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just bake it longer, kathie……..did you knock on it to see if sounds hollow?  or was it getting too dark?  i bake mine for about 30 minutes.  i think it depends on what you bake it in….some pans take longer than others.  one of my glass dishes is wider so the loaf doesn't get as high, and that doesn't take as long as my other one.

when you mention the final kneading……..is that before you put into pans?  you don't have to knead it, just punch down to get all of the air out, then shape into loaf.

it's all a practice to find what works best for you, your kitchen, your pans.  But don't give up, when you find that perfect spot, you will be giddy Shimmy

“Learn all you can from the mistakes of others. You won’t have time to make them all yourself.”  ― Alfred Sheinwold

November 15, 2009
10:16 am
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Pete
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Besides, there is ALWAYS a use for every loaf of bread.  If it's a bit doughy/chewy, toast is the answer.  For any slight imperfection, there is still a good way to eat it.  Too dry?  French toast.  and on and on and on…

Anulos qui animum ostendunt omnes gestemus!

November 15, 2009
10:28 am
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Suzanne McMinn
Sassafras Farm in Roane County, WV
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And croutons! 

Clover made me do it.

November 15, 2009
11:12 am
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ChrisUK
Netley Hampshire UK
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Pete said:

Besides, there is ALWAYS a use for every loaf of bread.  If it's a bit doughy/chewy, toast is the answer.  For any slight imperfection, there is still a good way to eat it.  Too dry?  French toast.  and on and on and on…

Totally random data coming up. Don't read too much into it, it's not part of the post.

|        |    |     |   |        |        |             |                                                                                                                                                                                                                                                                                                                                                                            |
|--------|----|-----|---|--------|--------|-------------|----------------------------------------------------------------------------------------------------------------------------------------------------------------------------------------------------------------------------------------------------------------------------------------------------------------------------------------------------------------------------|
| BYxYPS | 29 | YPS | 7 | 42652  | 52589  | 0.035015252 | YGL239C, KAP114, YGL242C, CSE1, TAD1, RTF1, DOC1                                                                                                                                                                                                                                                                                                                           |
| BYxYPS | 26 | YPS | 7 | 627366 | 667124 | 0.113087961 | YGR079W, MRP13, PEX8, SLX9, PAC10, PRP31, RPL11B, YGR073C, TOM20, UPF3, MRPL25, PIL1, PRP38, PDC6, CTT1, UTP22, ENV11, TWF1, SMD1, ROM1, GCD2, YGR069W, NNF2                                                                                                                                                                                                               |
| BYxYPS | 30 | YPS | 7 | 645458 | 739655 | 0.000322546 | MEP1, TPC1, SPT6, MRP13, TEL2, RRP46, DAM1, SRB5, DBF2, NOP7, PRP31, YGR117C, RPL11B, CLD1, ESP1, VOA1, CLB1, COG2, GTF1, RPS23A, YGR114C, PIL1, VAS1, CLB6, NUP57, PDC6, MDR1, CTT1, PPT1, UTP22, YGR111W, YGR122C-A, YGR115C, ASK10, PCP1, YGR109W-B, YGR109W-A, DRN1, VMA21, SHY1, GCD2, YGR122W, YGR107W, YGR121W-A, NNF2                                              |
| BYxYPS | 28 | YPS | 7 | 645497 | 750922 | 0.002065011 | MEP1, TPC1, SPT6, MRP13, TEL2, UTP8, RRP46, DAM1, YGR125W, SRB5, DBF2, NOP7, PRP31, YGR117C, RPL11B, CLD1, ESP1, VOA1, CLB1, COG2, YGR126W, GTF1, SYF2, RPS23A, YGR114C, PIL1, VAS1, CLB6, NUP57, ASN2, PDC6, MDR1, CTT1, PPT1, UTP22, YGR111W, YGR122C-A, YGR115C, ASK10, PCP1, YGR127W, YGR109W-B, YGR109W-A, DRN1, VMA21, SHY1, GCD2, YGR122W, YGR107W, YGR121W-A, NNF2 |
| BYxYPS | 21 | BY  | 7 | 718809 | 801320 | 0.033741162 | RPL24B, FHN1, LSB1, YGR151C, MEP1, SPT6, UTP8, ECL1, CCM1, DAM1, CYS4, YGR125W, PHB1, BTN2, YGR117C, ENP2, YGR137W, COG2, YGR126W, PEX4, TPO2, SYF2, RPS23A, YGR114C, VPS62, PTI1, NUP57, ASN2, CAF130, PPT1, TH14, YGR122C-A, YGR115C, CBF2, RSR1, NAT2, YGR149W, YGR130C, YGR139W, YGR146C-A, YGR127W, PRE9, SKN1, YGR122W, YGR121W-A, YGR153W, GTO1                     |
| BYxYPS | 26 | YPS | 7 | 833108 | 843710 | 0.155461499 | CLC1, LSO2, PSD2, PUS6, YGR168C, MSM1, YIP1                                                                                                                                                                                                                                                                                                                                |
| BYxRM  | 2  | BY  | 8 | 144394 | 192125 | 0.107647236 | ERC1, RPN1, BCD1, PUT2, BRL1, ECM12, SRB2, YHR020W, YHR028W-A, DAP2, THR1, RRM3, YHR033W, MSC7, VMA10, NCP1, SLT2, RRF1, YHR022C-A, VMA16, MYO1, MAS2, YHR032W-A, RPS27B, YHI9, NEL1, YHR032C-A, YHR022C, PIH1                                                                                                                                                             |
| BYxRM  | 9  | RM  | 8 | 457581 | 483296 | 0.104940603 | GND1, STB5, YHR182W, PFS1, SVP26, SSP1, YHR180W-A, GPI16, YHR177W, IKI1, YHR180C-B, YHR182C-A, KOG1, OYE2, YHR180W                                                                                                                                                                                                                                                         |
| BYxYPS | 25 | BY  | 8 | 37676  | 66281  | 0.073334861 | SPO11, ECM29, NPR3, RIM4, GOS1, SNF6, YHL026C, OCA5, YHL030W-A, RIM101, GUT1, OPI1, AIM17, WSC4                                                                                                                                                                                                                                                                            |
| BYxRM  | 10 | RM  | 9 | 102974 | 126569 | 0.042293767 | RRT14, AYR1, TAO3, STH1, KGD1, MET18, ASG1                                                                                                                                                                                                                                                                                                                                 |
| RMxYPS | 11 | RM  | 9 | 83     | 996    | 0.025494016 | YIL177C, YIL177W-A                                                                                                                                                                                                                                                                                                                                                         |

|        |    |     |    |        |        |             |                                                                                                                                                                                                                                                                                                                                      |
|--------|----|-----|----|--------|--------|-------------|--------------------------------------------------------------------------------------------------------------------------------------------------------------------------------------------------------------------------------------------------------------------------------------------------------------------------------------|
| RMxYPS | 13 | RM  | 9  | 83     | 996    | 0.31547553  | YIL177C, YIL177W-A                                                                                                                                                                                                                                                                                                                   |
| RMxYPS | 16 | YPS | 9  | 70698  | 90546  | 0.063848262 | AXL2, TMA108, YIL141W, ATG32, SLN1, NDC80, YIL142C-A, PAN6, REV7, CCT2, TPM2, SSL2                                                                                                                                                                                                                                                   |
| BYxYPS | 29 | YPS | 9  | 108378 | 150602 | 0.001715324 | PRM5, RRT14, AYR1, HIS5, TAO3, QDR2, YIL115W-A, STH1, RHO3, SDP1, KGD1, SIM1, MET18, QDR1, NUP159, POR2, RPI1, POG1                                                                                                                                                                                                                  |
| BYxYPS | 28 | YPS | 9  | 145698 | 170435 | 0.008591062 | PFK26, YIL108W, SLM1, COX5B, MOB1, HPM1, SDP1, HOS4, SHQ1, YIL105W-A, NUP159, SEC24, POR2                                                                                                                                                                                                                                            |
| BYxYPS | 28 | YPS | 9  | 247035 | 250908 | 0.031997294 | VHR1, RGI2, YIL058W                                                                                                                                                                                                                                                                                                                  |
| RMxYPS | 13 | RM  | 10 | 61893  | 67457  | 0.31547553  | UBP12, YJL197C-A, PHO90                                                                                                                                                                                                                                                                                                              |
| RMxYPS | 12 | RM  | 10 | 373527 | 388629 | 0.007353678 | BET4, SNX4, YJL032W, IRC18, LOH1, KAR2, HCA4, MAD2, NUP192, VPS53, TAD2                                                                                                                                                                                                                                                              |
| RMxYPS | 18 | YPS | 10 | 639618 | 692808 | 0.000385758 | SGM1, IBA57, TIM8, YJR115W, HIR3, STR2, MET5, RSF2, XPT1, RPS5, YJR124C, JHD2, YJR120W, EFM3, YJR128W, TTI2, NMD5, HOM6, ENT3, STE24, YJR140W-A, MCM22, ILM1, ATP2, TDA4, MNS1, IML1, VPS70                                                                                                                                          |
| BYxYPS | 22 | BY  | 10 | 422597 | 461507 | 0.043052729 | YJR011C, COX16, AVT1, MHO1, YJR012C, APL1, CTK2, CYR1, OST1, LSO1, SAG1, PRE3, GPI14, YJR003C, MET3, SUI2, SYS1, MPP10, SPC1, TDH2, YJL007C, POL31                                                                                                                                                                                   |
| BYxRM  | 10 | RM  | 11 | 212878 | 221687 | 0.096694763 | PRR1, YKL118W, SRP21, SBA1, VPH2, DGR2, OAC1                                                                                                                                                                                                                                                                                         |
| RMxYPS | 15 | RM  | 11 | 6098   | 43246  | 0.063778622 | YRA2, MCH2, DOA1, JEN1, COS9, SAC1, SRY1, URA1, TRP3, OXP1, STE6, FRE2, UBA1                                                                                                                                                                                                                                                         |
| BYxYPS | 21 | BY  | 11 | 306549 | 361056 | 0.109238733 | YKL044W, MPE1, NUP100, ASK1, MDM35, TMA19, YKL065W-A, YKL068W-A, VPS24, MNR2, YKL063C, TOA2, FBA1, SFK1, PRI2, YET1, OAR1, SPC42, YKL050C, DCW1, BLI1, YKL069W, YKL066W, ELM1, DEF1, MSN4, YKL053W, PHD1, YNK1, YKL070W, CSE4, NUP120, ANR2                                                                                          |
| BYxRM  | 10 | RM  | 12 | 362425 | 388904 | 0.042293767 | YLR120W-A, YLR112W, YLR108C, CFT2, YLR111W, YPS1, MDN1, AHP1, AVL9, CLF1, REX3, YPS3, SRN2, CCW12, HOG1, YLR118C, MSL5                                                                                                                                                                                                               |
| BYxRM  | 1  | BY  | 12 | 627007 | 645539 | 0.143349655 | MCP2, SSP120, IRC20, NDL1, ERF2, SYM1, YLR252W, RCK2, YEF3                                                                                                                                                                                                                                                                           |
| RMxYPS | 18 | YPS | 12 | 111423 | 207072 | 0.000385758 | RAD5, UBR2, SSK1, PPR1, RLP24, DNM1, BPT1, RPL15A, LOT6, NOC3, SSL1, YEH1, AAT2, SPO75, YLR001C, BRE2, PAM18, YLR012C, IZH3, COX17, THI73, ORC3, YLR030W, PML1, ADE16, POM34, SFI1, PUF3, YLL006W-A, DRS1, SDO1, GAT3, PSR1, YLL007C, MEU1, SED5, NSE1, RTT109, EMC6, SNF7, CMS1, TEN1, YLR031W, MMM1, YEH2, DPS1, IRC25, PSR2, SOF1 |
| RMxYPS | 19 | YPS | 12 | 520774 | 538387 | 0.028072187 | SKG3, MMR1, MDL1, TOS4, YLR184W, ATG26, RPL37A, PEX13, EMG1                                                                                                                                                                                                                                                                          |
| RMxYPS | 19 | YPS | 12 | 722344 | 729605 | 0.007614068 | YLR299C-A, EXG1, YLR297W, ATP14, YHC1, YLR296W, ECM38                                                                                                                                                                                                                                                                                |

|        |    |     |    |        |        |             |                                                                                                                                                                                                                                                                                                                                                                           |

Please,Pretty Please.  Bread Pudding………..Mash it up with currants,sultana's,milk and a egg,mixed spice to taste ,bake with a crunchy topping of brown sugar…………..Ohhhh,Ive gone all unnecessay at the thought of warm from the oven .mmmmmm

Im a lonely little Petunia in a Cabbage patch

November 15, 2009
11:48 am
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Helen
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Kathie said:

While cutting my loaf for toast this morning I found a big ole hole.  Grrr. I am assuming that I folded it during my final kneading, which I should not have.  Also, I found the center of the loaf to be doughy. I am wondering if I should bake it longer.  But should I lower the temp to 340 and bake 30 minutes or keep it at 350 and bake it 30 minutes. 

It is delicious, but is too doughy in the center to use as sandwich bread.

Kathie


Large holes in the loaves used to happen to me, too, until an Amish woman showed me a trick:  after you have shaped the loaf (but before it's risen, of course), stab it all over with a fork, going all the way through to the bottom.  That will allow any air that been trapped during shaping to escape.  I've done that ever since, and I have no more large holes like you describe.  You may end up with some fork-marks in the top of your loaf, but to me, its a small price to pay to eliminate those big holes in the middle.

George Orwell - 1984
- Orthodoxy means not thinking--not needing to think. Orthodoxy is unconsciousness.